Oh John Carroll

Category: comedy (page 1 of 3)

The Blunder Weeks: Leap 1

Leap 1: Changing Opinions

The first month after your President’s inauguration is a special time when you will observe him tweeting rapidly and will begin to get to know him and learn all of his little ways. It may be hard for you to imagine your President’s world at this time as he is not focused and his goals are undefined. In some ways, it is not so different from life on the campaign.

However, at about five weeks after inauguration (just over one month), your President will begin to take the first leap forward in his neuroses. New opinions bombard your President inside and out during this time, which can bewilder him. Some of these new things are related to the development of his cabinet and staff. Others are a result of your President’s increased alertness to TV news as his feelings have become more sensitive than they were immediately before inauguration. Therefore, it is not so much the opinions themselves that are changing but, rather, your President’s perceptions of them. During leap one, your President will become much more interested in the swamp around him. He can focus on pictures in books more clearly and can see beyond the human range of fact. You may also notice that your President responds to you and others more and in new tweets.

These are examples of what your President might do after going through this leap: (Note: A President never does these things all at once! Your President only does a few things from this list.)

— Looks at commercials longer and more frequently
— Responds to CNN differently
— Gives a social smile for the first time
— Responds to white supremacists more clearly
— Is more awake and “busy”

Children’s Book or Improv Warm-up?

  1. Bippity Bippity Bop
  2. Hey Wake Up
  3. Zip Zap Zop
  4. Kitty Cat Career
  5. Moo, Baaa, La La La
  6. Snuggle Puppy
  7. Hey Diddle Diddle
  8. Bunny Bunny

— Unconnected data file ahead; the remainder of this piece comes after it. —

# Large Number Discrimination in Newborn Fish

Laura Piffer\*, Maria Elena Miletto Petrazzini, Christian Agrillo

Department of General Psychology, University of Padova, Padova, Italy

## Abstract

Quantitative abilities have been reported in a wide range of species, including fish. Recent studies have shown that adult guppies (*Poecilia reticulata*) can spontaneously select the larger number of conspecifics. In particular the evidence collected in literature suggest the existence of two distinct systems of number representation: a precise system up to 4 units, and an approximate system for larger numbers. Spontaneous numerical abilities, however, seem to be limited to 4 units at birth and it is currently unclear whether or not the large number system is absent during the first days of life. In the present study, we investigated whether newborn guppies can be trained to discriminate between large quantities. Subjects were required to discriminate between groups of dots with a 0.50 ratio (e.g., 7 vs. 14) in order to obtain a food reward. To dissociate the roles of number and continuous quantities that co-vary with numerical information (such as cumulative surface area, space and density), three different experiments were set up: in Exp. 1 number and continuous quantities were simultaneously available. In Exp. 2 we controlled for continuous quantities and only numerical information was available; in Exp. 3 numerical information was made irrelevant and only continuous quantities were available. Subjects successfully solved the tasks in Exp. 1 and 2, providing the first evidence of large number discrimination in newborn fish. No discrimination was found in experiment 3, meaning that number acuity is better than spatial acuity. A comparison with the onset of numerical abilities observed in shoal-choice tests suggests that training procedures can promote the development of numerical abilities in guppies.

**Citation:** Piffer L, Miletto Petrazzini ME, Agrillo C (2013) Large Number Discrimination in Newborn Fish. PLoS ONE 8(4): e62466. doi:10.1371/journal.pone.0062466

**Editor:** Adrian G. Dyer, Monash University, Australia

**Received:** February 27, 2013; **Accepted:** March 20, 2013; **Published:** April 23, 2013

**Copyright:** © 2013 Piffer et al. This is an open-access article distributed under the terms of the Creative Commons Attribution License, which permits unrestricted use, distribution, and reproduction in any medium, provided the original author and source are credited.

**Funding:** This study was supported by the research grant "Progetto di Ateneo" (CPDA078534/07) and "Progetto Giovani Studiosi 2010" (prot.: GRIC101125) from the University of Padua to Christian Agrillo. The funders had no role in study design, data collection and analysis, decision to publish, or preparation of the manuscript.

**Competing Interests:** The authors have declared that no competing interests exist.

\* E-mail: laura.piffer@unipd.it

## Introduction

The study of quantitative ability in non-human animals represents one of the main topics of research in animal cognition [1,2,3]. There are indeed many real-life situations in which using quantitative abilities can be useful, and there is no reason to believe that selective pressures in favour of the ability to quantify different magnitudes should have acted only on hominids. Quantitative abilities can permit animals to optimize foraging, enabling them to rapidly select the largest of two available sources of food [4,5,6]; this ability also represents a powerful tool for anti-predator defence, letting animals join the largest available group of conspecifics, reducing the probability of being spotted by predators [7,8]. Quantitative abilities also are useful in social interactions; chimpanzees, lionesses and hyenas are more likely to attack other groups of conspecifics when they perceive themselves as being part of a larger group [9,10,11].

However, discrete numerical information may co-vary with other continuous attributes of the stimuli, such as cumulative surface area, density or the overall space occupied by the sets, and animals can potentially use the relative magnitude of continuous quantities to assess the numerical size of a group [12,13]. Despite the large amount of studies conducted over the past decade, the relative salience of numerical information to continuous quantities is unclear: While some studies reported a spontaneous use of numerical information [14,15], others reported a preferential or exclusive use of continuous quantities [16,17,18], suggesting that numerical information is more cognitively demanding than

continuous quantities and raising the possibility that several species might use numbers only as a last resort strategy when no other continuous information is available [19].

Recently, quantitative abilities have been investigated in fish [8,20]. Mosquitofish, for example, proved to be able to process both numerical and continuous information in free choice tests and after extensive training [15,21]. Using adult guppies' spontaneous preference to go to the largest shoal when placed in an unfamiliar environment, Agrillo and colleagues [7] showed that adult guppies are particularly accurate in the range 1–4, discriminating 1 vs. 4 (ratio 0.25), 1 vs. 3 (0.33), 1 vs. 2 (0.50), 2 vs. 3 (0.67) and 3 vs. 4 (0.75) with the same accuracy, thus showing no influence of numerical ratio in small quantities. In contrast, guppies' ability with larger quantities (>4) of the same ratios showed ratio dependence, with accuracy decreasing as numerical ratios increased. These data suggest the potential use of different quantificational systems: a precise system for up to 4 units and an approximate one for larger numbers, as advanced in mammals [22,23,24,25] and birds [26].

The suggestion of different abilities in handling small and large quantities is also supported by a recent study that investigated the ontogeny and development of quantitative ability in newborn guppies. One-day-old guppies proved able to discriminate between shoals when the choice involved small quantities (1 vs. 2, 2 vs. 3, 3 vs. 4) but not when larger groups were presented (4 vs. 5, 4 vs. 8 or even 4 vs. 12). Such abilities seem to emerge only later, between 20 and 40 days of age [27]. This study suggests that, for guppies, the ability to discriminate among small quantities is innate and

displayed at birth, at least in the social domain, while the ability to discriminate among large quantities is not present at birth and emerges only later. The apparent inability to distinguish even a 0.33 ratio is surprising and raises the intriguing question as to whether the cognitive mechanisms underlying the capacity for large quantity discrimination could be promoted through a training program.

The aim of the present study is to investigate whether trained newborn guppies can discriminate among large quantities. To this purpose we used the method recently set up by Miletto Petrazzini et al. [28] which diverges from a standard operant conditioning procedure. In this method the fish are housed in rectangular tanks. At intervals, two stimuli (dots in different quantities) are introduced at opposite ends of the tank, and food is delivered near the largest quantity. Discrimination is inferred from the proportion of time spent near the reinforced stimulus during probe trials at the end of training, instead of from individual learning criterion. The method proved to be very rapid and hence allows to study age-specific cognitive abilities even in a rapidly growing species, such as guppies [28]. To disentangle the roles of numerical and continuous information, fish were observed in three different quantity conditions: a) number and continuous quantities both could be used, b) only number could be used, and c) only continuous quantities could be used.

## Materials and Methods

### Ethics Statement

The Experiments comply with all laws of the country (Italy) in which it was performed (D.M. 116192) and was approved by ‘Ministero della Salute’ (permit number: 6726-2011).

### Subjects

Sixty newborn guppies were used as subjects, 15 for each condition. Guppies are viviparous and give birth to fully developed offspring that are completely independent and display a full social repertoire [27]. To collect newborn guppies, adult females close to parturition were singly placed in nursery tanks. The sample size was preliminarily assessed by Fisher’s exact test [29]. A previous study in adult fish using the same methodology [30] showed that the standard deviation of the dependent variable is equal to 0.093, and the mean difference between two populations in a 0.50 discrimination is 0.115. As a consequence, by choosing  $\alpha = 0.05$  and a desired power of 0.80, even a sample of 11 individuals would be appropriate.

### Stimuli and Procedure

9. Dream Animals
  10. Hug Tag
  11. Muppet Face
  12. Press Here

Answer key

The Female Accent →

I recently made a web site for The Female Accent. We’re an independent improv troupe performing in and around Washington, DC. I hope you’ll check the site out, particularly if you’re in the DC area.

The site is hosted at Tumblr. If you’d prefer to follow us via other networks, we’re on Twitter and Facebook.

With the New Yorker online archives free to all this summer, you should go read this Simon Rich piece. If you like it, go buy Ant Farm. You won’t regret either decision.

I joined the dating app Tinder last week. I had an idea for a piece where I’d run a series of a conversations where men chatted with a woman (played by me, naturally) who was obsessed with the new Amazon Fire TV. Instead, I instantly met a dude who spends all of his time on Tinder badgering women for nude pics. While unplanned, I wound up giving him a taste of his own medicine and had a blast doing so.

This was a lot of fun to do, and seems to be making its way around the web — we posted it about 24 hours ago, and have had thousands of new visitors to the site. You should go read it!

Tim McCloskey lays into Jimmy Fallon for Philadelphia:

He’s not funny. He’s not a good actor. He’s not a good interviewer. And so far, he has yet to have an original idea.

Fallon is the kind of guy that pulls out an acoustic guitar at a party and does a Neil Young impersonation or takes someone’s sunglasses and pretends to be Stevie Wonder.

Or worse, he puts on Tom Jones and does the Carlton Dance. He’s that guy.

Lesli-Ann Lewis wrote a great piece for Ebony about Dave Chappelle’s alleged “meltdown” in Hartford, Connecticut a few days ago:

While the racial makeup of the crowd was incidental, the way they treated Chappelle is not. It speaks to a long complicated history: the relationship between the White audience and the Black entertainer. This is a relationship you can easily trace to early minstrel shows, to archetypes of Blacks that still define the roles we’re offered today. We have seen more Black comedians bow to racist tropes, demean themselves—albeit unintentionally—for White audiences.

Jordan Lints has a funny piece up at Splitsider’s The Humor Section.

Previously: a piece I co-wrote with Nick Klinger, published in that same section.

Grantland’s Alex Pappademas writes about Andy Kaufman, his legacy and his posthumous album Andy and His Grandmother:

In a sense Kaufman was the last comedian ever who could do the kinds of things he did without people seeing it as someone “doing an Andy Kaufman.” We know the Kaufman spirit when we see it. We feel it enter the room whenever a comedian sabotages the tension/release physics of the comedy act. It was there, a little bit, in Zach Galifianakis’s old stand-up act, when he’d tell dumb jokes in a solemn monotone while accompanying himself on piano or take the stage as his imaginary brother Seth or bring in a gospel choir to sing his punch lines. There’s a little bit of it in Colbert and Tim and Eric Awesome Show, Great Job! and the more conceptual bits of Jackass and any part of Craig Ferguson’s show in which Ferguson banters with a robot. But all of these things were alternative comedy presented to alternative-type people who knew exactly what they were in for. “Kaufmanesque” is now a format as formalized as the ones Kaufman used to booby-trap.

I discovered Andy when I was a teenager, and am forever grateful for it.

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